Last year I started a series of posts about advertising on boards. The last post was just over a year ago, but I think it’s time to revive the topic. The first post in the series was titled “Keeping your Users” and it dealt with how to introduce advertising on your board without losing your valuable members. The second post was titled “Have Something to Sell” and it talked about evaluating your board content to see if it was going to be interesting to advertisers. The third and final post was my favorite in the series (because I got to play with numbers… I like numbers ) and was titled “Measuring RFM” because it talked about measuring “recency” and “frequency” which are of interest to advertisers. All three posts are linked at the bottom of this post for easy reference.
After deciding to advertise and determining that you have something to sell, what are the next steps? To start you need to find some source of advertising. I believe that the most lucrative advertising options are those that want to target your board members. Those can be hard to find unless the board has a very specific audience. So instead I want to start talking about my experience with a more generic but very popular advertising option for many board owners: Google’s Adsense program.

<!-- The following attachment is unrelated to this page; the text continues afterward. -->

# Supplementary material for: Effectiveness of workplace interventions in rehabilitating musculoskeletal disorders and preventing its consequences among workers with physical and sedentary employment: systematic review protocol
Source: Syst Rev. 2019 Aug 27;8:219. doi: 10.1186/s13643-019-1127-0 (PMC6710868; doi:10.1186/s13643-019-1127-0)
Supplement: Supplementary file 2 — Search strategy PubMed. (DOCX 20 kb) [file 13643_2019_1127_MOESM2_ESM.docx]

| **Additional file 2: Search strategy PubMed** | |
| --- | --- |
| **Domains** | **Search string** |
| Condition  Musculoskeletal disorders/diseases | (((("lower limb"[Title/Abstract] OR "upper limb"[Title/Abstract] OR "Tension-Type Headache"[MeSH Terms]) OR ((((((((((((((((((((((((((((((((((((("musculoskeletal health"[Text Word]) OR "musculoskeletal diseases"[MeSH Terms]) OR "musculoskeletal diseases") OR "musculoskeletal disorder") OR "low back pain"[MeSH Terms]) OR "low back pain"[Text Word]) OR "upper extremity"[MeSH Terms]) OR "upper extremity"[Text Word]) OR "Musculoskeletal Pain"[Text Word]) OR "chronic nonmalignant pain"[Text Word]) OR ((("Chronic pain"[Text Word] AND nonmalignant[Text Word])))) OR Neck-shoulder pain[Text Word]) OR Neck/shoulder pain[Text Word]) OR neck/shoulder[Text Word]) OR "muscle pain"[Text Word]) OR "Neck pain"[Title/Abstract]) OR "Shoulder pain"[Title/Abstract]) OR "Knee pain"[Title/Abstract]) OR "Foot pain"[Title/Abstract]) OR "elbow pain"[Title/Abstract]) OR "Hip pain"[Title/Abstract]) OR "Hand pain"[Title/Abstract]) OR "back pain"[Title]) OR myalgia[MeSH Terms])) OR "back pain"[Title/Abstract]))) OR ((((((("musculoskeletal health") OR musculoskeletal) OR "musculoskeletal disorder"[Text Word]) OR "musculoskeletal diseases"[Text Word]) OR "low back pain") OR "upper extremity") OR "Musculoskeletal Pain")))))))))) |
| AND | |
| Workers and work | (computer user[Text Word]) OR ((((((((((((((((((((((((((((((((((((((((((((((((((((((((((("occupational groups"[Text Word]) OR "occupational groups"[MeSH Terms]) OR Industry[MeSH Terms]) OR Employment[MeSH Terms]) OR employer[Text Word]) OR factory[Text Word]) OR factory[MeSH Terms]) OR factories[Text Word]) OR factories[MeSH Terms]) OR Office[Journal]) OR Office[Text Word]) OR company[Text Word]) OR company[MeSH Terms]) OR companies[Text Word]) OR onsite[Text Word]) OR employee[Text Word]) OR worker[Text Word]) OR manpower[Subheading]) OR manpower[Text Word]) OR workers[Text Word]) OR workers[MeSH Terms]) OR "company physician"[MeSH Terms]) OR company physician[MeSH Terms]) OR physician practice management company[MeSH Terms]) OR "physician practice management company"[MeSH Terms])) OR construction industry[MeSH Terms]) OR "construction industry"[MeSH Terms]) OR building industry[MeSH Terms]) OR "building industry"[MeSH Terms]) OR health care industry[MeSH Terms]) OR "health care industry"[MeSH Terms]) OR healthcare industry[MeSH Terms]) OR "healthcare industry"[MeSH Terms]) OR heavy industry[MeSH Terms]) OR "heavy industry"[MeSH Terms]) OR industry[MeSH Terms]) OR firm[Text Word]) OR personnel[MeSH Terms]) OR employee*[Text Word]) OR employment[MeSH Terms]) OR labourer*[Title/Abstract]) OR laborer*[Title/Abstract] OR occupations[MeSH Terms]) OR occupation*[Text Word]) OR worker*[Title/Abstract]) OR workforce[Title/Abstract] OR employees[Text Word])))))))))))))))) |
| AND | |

Content Sensitive Ads Require Content
Some folks may know how the Adsense program works but I feel like it’s worth a brief recap before going much further. There are two sides to the product: Adwords and Adsense. On the Adwords side are the advertisers that want to purchase space on the web. They don’t have specific sites in mind, and they don’t want to be bothered to seek out all of the smaller niche sites that might be of interest to them. Instead they buy advertising space from a single supplier (google) via a bid process. More on that in a moment.
On the Adsense side are the content providers such as myself. I have built a site (board) that has content, and I want to earn some income from it. But perhaps I am not able to secure specific advertisers for my board so I turn to a supplier (Google) that can provide those. I don’t get any say in how much I charge for advertising on my site… that is the first negative of this service. I am completely at the mercy of the advertisers that have bid for keywords that appear in my content.